In a recent decision of the Western Australian Court of Appeal, ASIC unsuccessfully claimed that the administrators of two companies should have their remuneration reduced on the ground that the administrators lacked the requisite independence. This article explores the facts surrounding this case and provides some takeaways for insolvency practitioners who are, or are likely, to accept formal appointments where their independence may be put into question.
ASIC v Jones related to the voluntary administration of two companies that operated a large-scale pig farm. Prior to being placed into administration, the respondents provided advice to the companies about solvency-related issues and assisted them with negotiating with two major secured creditors. This advice was provided over a period of months and culminated in a recommendation that the respondents be appointed as the administrators of the companies. Approximately $100,124.37 was paid to the respondents for these preliminary services. Soon after providing these preliminary services, the respondents were appointed as voluntary administrators of the companies.
Substantial work as company administrators was conducted by the respondents before ASIC expressed concerns that the pre-appointment services provided may cause an actual or potential conflict of interest and apprehension of bias. Particularly, ASIC was concerned that the $100,124.37 in remuneration could be the subject of an unfair preference claim, and the administrators may prefer a set of circumstances such as liquidation where this amount could be clawed back.
The administrators, in response to ASIC’s concerns, agreed to make an application to the Court for remuneration, rather than draw down on any remuneration approved by the creditors. At the subsequent second creditors’ meeting, the administrators informed the creditors of the findings of their investigations and the creditors approved their remuneration.
Reasonable Apprehension of Bias
The Court of Appeal found that the $100,124.37 paid to the administrators for their pre-administration services could give rise to a reasonable apprehension of bias. It was held that a fair-minded lay observer might reasonably have thought the respondents would not bring an impartial mind to investigating and reporting on this potentially voidable transaction that may ultimately be clawed back.
The Court otherwise rejected ASIC’s submission that payments to third parties, made on the advice of the respondents during the pre-administration period, could similarly give rise to a reasonable apprehension of bias.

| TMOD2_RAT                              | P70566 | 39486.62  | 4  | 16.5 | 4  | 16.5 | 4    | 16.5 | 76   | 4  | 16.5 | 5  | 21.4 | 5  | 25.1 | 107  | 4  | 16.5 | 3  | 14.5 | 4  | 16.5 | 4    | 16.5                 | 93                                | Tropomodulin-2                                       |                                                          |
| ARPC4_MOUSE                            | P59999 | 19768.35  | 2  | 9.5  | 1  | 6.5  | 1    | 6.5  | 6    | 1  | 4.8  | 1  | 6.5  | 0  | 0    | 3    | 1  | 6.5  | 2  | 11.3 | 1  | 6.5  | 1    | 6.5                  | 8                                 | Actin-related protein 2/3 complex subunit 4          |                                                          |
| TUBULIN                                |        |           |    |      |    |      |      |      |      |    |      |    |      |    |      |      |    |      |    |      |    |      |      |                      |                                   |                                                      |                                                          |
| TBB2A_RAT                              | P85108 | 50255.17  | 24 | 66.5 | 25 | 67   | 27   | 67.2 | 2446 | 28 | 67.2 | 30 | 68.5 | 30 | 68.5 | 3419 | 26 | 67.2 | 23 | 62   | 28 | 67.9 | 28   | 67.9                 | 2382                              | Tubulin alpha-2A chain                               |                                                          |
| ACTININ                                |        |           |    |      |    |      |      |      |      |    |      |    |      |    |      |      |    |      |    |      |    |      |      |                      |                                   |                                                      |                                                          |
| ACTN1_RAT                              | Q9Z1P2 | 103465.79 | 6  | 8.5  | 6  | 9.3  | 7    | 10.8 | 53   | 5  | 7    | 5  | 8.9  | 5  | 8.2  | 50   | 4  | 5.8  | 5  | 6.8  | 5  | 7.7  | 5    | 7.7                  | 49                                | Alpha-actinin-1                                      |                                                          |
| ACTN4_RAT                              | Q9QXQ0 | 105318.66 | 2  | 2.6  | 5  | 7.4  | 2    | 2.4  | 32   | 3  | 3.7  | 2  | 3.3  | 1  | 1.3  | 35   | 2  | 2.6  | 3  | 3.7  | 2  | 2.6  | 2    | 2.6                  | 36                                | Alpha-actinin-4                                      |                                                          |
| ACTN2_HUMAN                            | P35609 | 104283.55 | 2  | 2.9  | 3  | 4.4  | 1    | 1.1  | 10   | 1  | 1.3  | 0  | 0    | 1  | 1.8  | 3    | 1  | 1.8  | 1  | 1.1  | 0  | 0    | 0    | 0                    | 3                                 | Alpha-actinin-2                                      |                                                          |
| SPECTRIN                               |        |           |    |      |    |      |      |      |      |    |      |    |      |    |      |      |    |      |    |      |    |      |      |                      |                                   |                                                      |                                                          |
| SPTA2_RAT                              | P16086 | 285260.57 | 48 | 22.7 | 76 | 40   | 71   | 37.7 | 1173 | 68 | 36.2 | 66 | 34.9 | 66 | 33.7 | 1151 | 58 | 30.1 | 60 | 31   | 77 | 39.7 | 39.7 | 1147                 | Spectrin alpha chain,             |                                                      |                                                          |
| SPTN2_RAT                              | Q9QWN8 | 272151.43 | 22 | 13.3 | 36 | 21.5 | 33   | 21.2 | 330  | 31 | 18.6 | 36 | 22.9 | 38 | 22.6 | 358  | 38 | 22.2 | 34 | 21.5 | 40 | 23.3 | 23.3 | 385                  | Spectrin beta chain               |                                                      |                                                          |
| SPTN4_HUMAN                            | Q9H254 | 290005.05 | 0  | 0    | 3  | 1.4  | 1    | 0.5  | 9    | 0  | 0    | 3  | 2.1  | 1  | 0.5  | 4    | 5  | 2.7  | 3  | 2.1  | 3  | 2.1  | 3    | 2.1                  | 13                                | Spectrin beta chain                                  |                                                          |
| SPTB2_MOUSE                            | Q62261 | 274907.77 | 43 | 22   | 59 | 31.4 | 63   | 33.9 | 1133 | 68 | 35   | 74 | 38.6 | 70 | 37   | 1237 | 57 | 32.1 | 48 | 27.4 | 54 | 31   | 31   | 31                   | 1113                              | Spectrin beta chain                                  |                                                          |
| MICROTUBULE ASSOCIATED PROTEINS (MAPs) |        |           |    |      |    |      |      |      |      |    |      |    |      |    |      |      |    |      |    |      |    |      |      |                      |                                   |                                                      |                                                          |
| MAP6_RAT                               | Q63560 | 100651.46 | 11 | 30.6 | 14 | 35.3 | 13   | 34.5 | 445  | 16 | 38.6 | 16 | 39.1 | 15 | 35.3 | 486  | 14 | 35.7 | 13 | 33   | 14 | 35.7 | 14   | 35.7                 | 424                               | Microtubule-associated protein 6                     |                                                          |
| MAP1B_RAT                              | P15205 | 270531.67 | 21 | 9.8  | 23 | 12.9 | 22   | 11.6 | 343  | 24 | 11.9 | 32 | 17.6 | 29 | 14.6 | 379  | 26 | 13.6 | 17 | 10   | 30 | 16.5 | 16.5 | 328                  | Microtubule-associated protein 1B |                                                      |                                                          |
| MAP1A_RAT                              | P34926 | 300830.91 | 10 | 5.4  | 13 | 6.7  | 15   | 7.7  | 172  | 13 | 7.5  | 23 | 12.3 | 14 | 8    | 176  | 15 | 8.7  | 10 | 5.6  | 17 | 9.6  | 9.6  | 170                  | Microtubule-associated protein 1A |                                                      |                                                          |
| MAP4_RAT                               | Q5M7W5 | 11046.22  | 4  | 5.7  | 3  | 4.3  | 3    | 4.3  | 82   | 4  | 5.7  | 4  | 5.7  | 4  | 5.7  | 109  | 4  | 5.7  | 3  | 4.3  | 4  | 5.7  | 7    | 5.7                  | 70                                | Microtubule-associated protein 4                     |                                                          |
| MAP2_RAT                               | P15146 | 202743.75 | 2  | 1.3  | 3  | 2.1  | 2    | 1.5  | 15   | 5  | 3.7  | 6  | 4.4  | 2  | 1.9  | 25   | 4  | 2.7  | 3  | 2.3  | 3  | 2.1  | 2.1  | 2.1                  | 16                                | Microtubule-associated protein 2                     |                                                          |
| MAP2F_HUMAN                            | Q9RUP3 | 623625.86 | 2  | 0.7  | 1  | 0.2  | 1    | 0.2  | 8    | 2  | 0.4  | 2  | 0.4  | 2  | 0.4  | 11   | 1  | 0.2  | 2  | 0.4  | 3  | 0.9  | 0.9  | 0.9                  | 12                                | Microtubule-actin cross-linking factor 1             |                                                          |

The question then turned to whether, as ASIC submitted, an administrator’s remuneration could be reduced for acting outside the scope of work ‘necessarily performed’. Importantly for all company administrators, the Court of Appeal held that the Court has the power to reduce an administrator’s remuneration if a conflict of interest or apprehension of bias is found. Interestingly though, the Court refused to exercise that discretion in this case for the following reasons:
- a Court, if applied to, would have been likely to provide judicial advice directing the appointment of the administrators prior to the respondents’ appointment given the urgency and importance of maintaining the ongoing operation of the piggery;
- the Court was satisfied the breach was inadvertent;
- work relating to investigating and reporting unfair preferences represented a small proportion of the work done by the administrators. Had the respondents acted as liquidators in which unfair preference claims took a far greater focus, the result may have not been as favourable;
- there was no suggestion the work carried out by the administrators was improperly carried out; and
- the creditors resolved to approve the respondents’ remuneration.
Takeaways for Insolvency Practitioners
This decision should be seen as an amber light for company administrators that have engaged in pre-administration services. While not necessarily fatal to later acting as an administrator, a close analysis of the individual circumstances will determine whether a practitioner’s remuneration should be reviewed. Importantly, even full disclosure of a potential conflict of interest cannot cure the requirement for independence.
An early application to a Court seeking directions that the administrators would be reasonable and justified in accepting the appointment should be seriously considered, particularly when due to the pre-administration work completed they are likely best placed to accept the role.
A comprehensive review into the independence of company administrators was recommended in a recent Parliamentary report into corporate insolvency in Australia. That report, along with this action by ASIC, emphasises the growing focus on the independence requirements of insolvency practitioners. For this reason, practitioners should remain vigilant to perceived conflicts, particularly where they have engaged in pre-administration services.
Where possible, practitioners should engage in active steps to safeguard themselves from perceived conflicts of interest. This may include requesting payment for fees upfront to allay the risk of an unfair preference and carefully sculpting the scope of any pre-administration work.